Scores of squash!


Easy to grow in the vegetable patch, Cucurbitaceae come in a great variety of fruits which we can savor from summer’s end to the beginning of spring.

Butternut, spaghetti squash and moschata squash, maxima squash, red kuri squash, sweet dumpling… Squash come in a huge variety of shapes, colors, tastes and sizes.

They are prepared mashed, in soups, baked, and the sweeter ones (like butternut, red kuri squash, and sweet dumpling that tastes like chestnuts) can simply be roasted in the oven with a dash of oil and fine ‘Fleur de Sel’ salt.

Fiber-rich, low-calorie and stock full of vitamins, these squash can be eaten in fall and in winter, because they keep very well for the entire cold season.

Sowing and planting squash in spring

Maxima squash

Just like tomatoes, squash are demanding plants that require very rich soil. It is impossible to do without adding a huge amount of compost to the vegetable patch before planting.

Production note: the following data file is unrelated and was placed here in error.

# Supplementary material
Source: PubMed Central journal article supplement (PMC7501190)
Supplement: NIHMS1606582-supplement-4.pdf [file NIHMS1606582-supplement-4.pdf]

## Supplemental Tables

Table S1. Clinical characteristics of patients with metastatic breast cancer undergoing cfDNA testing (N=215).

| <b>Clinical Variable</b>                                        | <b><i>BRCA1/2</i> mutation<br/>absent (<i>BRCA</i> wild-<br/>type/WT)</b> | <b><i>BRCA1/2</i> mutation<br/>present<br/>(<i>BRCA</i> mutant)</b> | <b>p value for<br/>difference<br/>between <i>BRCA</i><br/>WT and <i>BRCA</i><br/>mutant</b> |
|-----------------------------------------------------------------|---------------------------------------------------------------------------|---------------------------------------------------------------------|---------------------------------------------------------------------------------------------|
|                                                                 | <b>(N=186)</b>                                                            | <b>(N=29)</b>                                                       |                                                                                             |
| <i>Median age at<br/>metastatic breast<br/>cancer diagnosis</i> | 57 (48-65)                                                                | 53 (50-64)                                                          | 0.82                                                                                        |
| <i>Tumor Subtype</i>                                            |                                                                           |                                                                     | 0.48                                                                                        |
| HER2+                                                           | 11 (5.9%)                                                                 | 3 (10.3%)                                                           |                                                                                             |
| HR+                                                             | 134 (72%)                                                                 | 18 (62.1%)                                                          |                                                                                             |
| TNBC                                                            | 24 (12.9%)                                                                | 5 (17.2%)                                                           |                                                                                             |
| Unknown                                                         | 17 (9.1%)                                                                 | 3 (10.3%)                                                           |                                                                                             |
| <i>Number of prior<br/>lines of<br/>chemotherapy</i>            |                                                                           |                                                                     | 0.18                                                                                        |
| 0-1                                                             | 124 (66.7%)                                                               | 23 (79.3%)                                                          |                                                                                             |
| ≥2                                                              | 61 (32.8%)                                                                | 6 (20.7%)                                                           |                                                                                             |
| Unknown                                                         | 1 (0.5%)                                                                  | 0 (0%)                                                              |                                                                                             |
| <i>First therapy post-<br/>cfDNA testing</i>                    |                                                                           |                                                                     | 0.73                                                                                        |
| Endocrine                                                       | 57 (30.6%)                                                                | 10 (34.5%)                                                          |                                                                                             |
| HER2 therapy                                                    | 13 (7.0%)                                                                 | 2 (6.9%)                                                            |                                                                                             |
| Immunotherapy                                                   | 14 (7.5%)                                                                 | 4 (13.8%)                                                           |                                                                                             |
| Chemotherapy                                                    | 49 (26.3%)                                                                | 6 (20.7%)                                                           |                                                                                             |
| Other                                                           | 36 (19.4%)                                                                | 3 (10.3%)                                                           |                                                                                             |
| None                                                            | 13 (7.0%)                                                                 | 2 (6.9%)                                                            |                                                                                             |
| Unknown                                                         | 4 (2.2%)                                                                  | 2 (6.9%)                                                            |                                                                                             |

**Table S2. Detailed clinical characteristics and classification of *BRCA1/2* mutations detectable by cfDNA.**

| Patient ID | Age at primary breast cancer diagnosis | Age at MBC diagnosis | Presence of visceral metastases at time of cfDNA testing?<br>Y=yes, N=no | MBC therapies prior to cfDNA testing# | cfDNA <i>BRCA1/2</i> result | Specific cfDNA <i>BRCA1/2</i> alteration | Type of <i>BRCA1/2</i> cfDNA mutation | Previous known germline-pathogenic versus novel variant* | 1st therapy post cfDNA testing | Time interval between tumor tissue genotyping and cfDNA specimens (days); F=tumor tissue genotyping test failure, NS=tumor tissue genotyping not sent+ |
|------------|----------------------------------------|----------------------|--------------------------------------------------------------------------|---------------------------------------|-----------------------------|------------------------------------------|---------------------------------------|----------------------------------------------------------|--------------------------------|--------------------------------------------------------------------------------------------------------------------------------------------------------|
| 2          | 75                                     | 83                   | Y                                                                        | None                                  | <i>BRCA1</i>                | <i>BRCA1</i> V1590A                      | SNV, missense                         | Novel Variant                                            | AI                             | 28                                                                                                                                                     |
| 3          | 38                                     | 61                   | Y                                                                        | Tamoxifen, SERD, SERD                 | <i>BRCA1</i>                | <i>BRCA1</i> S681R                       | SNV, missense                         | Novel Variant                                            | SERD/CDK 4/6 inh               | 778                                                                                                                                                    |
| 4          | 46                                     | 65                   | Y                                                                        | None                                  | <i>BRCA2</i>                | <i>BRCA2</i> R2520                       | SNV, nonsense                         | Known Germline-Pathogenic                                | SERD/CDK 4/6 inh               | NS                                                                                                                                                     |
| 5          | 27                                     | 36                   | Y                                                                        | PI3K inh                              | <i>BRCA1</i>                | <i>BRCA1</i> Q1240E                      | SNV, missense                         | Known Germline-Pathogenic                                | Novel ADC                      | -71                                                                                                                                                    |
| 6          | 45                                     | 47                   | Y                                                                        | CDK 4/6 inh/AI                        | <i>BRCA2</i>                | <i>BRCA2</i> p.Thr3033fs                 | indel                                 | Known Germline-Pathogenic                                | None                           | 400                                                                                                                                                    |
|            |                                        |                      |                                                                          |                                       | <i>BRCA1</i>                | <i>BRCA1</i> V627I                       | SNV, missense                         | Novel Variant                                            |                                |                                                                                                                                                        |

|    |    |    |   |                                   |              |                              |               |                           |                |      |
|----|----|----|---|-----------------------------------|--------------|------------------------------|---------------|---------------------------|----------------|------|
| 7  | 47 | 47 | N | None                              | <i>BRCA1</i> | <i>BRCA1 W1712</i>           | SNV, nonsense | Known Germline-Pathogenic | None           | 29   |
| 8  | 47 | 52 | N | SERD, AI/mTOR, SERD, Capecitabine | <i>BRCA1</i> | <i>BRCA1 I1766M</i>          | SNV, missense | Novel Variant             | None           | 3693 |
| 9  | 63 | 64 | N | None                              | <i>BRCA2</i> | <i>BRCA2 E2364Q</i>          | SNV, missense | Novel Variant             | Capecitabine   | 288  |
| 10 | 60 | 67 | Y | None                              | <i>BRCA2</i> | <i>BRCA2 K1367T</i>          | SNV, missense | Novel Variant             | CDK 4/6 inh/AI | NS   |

Seedlings are prepared in April indoors. Place your nursery pots near a source of heat: sow one or two seeds per pot in soil mix. After one month, transplant your young seedlings to the garden, spacing them one or two yards (meters) apart, depending on the variety.

Snails and slugs consider these choice morsels, so protect them with a ring of ashes that you must renew after each and every rainfall.

Depending on the species, you can either let your squash stems run around the ground, or use spiral stakes to let them climb. Mulch the foot of your plants thickly, at least 8 inches (20 cm), and water once a week in summer if the weather is dry, without wetting the leaves.

Squash harvest is at the beginning of fall, when the first frost spells hit. Squash harvested at the end of fall can keep for several months in a dry room with a room temperature between 50 and 70°F (10 to 20°C).

Laure Hamann

Credits for images shared to Nature & Garden (all edits by Gaspard Lorthiois):
Laods of squash by Steve Theaker under Pixabay license